Sure, I get why it might be unnerving to have British Vogue show up at your house, slap a dress on you and make you pose for photos.  And it might be a little daunting to be told that you’re expected to be the new vice president of the United States in a few months. 

But would it kill Kate’s character progression to have her do something normal and human like catch a glimpse of herself styled to the nines for the Vogue editorial and say “Wow, I look hot! This is kind of fun!”? Or “I’m gonna be vice president! Wow, that’s a bit much, but thanks, I’m super flattered!”? Or “This is my house? Cool!”? 

That would go a long way. Otherwise, I’m having trouble relating to Kate and having sympathy for her predicament. That’s not to say that The Diplomat isn’t a good show. It’s very bingeable. I just couldn’t stop wondering why Kate has to be such an ungrateful shrew all the time. 

Watchable stupidity

Also bingeable for different reasons is The Night Agent. The Diplomat is all surface quality: crackling dialogue, charismatic performances, bucolic settings and great clothes which hide a cheesy retrograde premise. The Night Agent is cheap looking and badly acted, but you can’t stop watching.

There’s a screenwriting principle known as “Save the Cat,” in which you show your character doing something that makes the audience root for them in order to make the audience more invested in that character. The Night Agent literally begins with Peter Sutherland (played by easy-on-the-eyes Gabriel Basso) offering his subway seat to a girl and her single mom, and then saving both their lives during a train bombing. 

It was so cloying, I assumed that Agent Sutherland would eventually be exposed as the very mole operating at the highest levels of government whose identity everyone was trying to figure out. They clearly wanted the audience on his side so bad, it had to be setting up a plot twist, right? No, not this show. 

Gabriel Basso gamely plays ‘The Night Agent.’

The rest of the series feels like a Lifetime movie with no battered women or a Cinemax softcore porn movie with no sex. It’s very low rent. All the interiors look like Airbnbs, including the Oval Office. All the exteriors seem Canadian.  (Because they are). The entire cast seems like they have never acted professionally before. (Because they’re mostly Canadian). 

Oh wait, Academy Award nominee Hong Chau is in this. She’s really wooden. Remember Robert Patrick from Terminator 2? He’s in this too. But the opening credits don’t mention him. It’s like he said, “Please don’t tell anyone I was in this, and hide me under layers of bad makeup.”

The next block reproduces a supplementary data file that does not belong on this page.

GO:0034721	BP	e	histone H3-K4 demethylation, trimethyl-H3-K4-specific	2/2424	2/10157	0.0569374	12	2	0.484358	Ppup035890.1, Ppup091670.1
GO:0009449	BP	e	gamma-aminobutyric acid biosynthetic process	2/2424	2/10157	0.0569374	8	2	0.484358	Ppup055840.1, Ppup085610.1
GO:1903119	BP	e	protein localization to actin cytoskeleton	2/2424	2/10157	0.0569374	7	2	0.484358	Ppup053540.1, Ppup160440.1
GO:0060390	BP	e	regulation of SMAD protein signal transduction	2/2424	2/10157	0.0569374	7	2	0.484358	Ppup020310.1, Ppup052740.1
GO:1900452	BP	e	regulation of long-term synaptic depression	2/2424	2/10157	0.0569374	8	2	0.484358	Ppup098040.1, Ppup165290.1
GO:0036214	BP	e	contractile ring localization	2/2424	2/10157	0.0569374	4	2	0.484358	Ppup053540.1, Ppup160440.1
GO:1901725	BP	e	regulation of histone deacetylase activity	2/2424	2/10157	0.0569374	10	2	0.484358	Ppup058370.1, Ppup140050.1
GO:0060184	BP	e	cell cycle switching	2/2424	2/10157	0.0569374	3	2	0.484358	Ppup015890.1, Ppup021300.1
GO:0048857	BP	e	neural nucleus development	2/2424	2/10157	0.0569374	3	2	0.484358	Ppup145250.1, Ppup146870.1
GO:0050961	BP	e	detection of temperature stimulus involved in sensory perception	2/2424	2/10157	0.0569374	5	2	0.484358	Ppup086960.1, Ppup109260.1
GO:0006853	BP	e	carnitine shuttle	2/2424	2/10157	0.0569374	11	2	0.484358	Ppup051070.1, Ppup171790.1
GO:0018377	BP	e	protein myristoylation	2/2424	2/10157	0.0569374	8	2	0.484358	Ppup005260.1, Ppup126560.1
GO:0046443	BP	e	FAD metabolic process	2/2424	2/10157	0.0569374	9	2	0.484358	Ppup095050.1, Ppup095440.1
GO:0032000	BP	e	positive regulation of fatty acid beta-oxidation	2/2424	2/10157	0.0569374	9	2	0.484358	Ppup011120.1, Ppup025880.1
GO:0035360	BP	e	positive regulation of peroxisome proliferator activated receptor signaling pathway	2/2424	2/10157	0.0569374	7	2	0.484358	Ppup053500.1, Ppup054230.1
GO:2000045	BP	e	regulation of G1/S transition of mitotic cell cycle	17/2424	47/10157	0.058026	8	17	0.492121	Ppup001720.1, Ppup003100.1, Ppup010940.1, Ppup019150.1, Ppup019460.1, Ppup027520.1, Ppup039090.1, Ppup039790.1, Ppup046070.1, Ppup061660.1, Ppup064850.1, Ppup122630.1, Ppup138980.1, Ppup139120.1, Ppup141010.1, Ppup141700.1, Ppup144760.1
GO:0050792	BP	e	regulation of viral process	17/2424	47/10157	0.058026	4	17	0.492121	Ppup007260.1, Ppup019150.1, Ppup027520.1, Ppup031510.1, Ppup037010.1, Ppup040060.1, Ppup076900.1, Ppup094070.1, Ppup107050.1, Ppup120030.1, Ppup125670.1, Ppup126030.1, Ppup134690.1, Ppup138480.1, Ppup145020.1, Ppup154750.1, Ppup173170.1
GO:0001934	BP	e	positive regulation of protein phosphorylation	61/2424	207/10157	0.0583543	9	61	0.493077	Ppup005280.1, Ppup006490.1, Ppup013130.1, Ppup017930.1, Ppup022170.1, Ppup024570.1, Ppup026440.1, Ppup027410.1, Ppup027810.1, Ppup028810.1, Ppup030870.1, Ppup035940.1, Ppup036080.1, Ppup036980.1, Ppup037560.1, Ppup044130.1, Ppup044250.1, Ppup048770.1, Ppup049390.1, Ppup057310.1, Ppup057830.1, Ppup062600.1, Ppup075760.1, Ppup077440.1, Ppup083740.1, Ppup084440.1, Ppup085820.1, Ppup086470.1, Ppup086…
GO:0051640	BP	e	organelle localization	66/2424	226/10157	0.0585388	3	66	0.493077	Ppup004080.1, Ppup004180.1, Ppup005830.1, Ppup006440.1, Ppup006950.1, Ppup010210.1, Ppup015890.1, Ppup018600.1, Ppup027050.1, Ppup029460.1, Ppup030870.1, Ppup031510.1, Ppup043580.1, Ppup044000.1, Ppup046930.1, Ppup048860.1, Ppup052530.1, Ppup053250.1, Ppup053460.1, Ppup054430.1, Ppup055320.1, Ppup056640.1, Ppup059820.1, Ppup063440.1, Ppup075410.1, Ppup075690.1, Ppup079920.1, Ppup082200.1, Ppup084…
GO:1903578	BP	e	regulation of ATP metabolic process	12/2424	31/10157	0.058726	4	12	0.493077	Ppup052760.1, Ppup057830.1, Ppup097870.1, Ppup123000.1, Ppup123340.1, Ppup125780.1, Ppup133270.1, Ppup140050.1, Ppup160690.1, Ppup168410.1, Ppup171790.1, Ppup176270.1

The show deals strangely with sex. There’s a predatory art teacher who’s trying to seduce the vice president’s daughter. He’s secretly gay and his real motivation is to get her onboard with this environmentalist terrorist organization that some other gay guy seduced him into. A pair of heterosexual assassins Ellen (Eve Harlow) and Dale (Phoenix Raei) have sex and steal babies. FBI Agent Peter Sutherland and the blandly attractive Rose Larkin, a young cybersecurity entrepreneur he’s tasked with protecting, are the good guys who gaze at each other longingly but never get a room. Sex is something that only bad people have, and it’s never fun.

The Night Agent also deals with race in a bewildering manner. The White House staff features an array of women and people of color. This would be inspirational and aspirational, if they didn’t all seem like temps hired for the day to look busy. Chau, the president’s chief of staff, wears a strange motionless gray wig and doesn’t seem to have any qualifications other than being BFFs with President Michelle Travers, played by Kari Matchett who resembles Lisa Kudrow during her Friends days. 

More Trough TV to come

And yet, it’s all quite riveting. 

The Night Agent and The Diplomat are two shows that aren’t sequels or spinoffs of existing hits, but also aren’t reinventing the wheel in terms of content. Both seem to have kept costs down by forgoing A-list talent and keeping the viewer enthralled with plotlines that move along quickly and hypnotically. And both are already set for a second season. 

In the 1950s, we might have called these B-Movies. But for now, I predict we can count on a lot more Trough Television series like these, as they provide serviceable entertainment.